Beelink GTR6 Review An Improved AMD Ryzen Mini PC

Beelink GTR6 Web Cover Image
Beelink GTR6 Web Cover Image

A few months ago, we reviewed the Beelink GTR5. We recently purchased its successor, the Beelink GTR6, thanks to our STH YouTube members. While it may seem like that is only a small update, the differences are absolutely massive. In this review, we are going to take a look at the Beelink GTR6 and see how it sports not just a new, faster AMD Ryzen 9 6900HX processor but also has undergone a massive re-design in a familiar form factor.

Beelink GTR6 Background

With this review, we also have a video. That allows us to show a few more aspects of the system. We also have noise testing live so you can hear the fan noise since that is a big story with this unit. We also show off the size of this unit compared to the Intel NUC 12 Pro Wall Street Canyon.

As always, we suggest opening this in its own browser, tab, or app for the best viewing experience.

These units typically go on sale for around $750-850 these days, depending on the coupons. There is quite a bit of variation based on the sales going on, as we have seen different promotions run over the past few months.

That price includes the system, power supply, motherboard, WiFi 6E, a 512GB NVMe SSD, 32GB of DDR5 memory, and the AMD Ryzen 9 6900HX processor. The processor may seem like it is the biggest difference, but there is a lot more going on here. We also have Windows 11 Pro installed so we did not have to source an OS.

We tried several configurations beyond what we received in the box. We are using our trusty G.Skill 2x 32GB DDR5-4800 SODIMM kit for 64GB here (Amazon affiliate link.) We also tried 2x 8GB and 2x 16GB configurations. While we are using the 64GB configuration, realistically, we think many of our readers will stick with a 32GB configuration.

Pricing is very important with this unit. Last week it was selling for $850 ($899-50 coupon) on Amazon. This week it is $959-140 or $819. That still feels a bit high, given the Minisforum U690 in a similar 32GB/512GB configuration is currently $731. We will be reviewing that unit soon. There are certainly reasons to pick one over the other from what we have seen, but a $90 price delta is a bit steep.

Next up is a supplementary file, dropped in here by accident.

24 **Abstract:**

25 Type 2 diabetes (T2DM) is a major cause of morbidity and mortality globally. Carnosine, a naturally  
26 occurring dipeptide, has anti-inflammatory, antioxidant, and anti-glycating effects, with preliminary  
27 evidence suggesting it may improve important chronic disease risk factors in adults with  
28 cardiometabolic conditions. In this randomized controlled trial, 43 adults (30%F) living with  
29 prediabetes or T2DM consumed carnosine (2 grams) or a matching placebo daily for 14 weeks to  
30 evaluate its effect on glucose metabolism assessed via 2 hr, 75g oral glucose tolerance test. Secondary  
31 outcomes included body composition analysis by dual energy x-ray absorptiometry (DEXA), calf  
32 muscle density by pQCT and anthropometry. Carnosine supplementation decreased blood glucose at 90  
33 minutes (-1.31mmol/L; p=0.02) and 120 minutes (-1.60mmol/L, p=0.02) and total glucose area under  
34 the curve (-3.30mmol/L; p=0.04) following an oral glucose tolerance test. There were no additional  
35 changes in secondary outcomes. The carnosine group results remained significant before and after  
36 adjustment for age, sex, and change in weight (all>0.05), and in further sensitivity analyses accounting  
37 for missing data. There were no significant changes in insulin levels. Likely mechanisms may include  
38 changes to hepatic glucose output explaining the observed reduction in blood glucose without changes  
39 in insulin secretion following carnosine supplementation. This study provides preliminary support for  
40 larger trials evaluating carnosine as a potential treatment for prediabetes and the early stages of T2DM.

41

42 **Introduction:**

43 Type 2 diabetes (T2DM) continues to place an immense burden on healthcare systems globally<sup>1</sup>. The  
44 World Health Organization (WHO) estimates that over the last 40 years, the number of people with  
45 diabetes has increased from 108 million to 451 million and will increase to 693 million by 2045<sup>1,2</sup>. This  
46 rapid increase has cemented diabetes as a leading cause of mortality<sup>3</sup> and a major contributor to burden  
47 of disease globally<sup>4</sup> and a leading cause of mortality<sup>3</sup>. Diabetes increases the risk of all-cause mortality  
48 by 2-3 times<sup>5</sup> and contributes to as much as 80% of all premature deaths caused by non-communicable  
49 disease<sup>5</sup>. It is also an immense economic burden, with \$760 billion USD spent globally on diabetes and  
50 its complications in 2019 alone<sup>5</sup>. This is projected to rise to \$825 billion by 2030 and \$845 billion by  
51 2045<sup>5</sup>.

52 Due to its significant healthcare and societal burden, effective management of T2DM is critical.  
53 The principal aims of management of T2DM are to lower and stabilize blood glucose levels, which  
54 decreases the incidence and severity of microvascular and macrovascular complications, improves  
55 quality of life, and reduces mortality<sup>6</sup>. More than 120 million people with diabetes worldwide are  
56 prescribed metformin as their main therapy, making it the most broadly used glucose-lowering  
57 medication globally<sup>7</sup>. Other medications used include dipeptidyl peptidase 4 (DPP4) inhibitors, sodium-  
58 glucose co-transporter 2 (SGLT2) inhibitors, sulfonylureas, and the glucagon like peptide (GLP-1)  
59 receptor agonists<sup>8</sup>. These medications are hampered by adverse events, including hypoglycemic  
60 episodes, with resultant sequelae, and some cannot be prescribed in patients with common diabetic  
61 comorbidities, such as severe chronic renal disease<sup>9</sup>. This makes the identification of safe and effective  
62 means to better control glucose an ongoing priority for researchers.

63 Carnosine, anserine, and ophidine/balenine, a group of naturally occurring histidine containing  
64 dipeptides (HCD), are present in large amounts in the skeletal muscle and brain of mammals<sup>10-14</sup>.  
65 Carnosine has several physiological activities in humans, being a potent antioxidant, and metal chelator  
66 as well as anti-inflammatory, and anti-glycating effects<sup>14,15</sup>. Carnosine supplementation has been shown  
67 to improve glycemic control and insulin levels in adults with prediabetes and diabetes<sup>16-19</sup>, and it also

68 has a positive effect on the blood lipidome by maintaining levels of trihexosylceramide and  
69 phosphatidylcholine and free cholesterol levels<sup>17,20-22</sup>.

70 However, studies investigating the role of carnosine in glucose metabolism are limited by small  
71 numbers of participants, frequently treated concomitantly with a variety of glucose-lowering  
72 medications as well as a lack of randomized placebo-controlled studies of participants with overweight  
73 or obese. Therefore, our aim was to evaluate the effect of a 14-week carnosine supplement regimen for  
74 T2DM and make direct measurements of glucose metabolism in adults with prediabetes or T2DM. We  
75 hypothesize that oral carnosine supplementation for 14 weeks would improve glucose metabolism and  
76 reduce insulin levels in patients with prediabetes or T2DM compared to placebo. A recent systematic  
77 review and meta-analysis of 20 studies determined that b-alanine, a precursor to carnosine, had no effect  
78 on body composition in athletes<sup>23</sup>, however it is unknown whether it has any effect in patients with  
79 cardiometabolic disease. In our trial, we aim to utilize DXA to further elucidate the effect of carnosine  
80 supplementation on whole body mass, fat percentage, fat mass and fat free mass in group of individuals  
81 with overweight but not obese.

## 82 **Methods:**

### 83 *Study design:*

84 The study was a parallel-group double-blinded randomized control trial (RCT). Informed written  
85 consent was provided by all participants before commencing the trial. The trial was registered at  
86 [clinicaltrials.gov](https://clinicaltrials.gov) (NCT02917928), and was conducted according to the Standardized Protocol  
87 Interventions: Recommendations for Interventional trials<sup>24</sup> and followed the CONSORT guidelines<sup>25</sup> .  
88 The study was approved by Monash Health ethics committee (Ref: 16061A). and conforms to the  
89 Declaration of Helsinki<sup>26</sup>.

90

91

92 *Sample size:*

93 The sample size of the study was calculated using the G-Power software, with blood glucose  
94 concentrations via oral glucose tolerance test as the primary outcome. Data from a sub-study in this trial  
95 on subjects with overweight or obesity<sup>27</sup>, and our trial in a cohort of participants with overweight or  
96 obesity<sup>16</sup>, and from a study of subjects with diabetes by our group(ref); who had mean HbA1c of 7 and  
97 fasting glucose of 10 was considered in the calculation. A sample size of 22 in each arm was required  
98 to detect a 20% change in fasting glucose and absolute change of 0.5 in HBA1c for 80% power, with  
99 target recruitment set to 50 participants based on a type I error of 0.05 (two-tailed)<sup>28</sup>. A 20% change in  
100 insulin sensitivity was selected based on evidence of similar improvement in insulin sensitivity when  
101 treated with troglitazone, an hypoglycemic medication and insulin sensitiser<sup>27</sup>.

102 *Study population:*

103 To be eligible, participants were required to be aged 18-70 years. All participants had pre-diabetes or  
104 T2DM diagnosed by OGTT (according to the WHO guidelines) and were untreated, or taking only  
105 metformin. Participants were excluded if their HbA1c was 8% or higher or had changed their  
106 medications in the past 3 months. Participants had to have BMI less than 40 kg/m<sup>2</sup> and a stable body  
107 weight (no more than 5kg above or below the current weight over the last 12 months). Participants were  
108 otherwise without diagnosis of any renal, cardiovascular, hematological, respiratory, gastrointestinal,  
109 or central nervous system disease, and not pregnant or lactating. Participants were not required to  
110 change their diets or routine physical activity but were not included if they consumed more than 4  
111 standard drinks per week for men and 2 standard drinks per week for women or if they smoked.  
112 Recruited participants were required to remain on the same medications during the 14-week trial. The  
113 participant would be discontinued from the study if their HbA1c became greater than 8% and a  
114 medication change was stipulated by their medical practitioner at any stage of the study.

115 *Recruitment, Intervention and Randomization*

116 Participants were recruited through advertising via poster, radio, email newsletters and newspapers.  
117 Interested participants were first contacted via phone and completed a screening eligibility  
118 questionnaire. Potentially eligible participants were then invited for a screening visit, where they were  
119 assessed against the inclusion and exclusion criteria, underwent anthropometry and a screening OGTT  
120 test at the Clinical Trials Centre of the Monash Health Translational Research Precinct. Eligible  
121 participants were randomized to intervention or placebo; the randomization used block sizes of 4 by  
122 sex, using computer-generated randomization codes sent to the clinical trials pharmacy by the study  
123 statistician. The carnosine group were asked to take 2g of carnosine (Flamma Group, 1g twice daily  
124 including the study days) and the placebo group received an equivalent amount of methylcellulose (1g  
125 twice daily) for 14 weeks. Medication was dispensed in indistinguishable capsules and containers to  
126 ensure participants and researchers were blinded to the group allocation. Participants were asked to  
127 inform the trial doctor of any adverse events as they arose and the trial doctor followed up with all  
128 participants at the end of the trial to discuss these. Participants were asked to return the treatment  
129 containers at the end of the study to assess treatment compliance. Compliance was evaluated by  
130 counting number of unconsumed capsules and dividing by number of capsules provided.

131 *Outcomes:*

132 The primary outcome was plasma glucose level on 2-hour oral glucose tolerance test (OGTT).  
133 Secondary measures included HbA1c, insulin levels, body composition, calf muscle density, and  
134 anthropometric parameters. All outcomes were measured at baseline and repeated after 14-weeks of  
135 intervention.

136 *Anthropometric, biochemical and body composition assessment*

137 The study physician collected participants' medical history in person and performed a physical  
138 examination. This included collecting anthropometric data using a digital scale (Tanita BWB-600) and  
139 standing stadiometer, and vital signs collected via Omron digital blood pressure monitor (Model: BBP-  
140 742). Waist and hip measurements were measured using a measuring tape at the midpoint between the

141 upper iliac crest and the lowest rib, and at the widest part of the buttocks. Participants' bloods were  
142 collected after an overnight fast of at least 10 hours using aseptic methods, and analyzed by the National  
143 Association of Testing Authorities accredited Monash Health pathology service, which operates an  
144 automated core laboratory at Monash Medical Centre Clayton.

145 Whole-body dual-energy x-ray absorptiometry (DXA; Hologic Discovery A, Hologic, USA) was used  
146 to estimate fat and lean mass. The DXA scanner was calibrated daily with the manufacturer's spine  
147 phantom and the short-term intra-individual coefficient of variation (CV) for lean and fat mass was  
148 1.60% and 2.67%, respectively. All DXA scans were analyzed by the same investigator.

Beelink GTR6 External Hardware Overview

The front of the GTR6 looks fairly similar to the GTR5. We get two USB ports a Type-A and Type-C port. There is also a nice headset combo jack. There is also a power button that lights up when it is on. The strange feature is the CLR CMOS button next to the power button. If one hits the wrong button, then they are clearing CMOS instead of powering the unit on/ off. This is similar to the GTR5, and in both cases, it feels wrong.

Beelink GTR6 Front 1
Beelink GTR6 Front 1

Beelink proudly displays the AMD Ryzen 9 6000 series logo and the AMD Radeon logo. This is much more subdued branding than the previous generation.

Moving to the rear, we see a major rework. There is a single Intel i225-V 2.5GbE port for LAN. Then there are FOUR HDMI ports. Beelink advertises the fact that this can handle 4x 8K displays heavily. Finally, there are two USB 3 and two USB 2 ports.

Beelink GTR6 Rear
Beelink GTR6 Rear

Just for some sense, here is the GTR5 version’s rear panel:

Beelink GTR5 A GR9 Rear 2
Beelink GTR5 A GR9 Rear 2

We can see that Beelink sacrificed the second LAN port for two HDMI outputs and also standardized HDMI across all outputs.

The sides of the unit are mesh vents with GTR lettering.

Beelink GTR6 Side
Beelink GTR6 Side

The top of the unit is interesting for a few reasons. One is that this unit has a fingerprint reader. Windows 11 Pro prompts one to setup fingerprint authentication on its initial setup. Beware, if you intend to use this as a HTPC and it is next to a TV, then it is annoying to have to hit that fingerprint reader on the box. While the Apple Mac Mini (review soon as well) does not have a built-in fingerprint reader on the box, that is because Apple tends to place these near input devices like keyboards.

Beelink GTR6 Red Top Cover
Beelink GTR6 Red Top Cover

That bright red top does away with the heavy AMD branding we saw atop the GTR5. As cool as it looks in photos, there are many rooms where it will stand out too much. For that, Beelink offers a second option.

Beelink GTR6 Red And Black Top Covers
Beelink GTR6 Red And Black Top Covers

Pry off the red cover, and there is a much more subtle top cover. While not as eye-catching for photos, it feels more practical.

Beelink GTR6 Black Top Cover
Beelink GTR6 Black Top Cover

Under this cover is a single fan instead of the dual fan solution used by the GTR5. We generally like the idea of fewer larger fans.

The bottom of the unit has Beelink’s large rubber strips to prevent scratching. Somewhat differently, there is a guide saying “Delete” for BIOS and “F7” for boot options screened on the bottom of this unit.

Beelink GTR6 Bottom
Beelink GTR6 Bottom

The four screws around the edges are what allow one to get inside the unit.

Next, let us get inside the unit, then look at performance.


  1. When it comes to the benchmarks and you have 2 columns for one entry (like with the 7zip compression) could you make the subject CPU a different color so that it stands out more like how you change the subject CPU to black in all the other benchmark scores?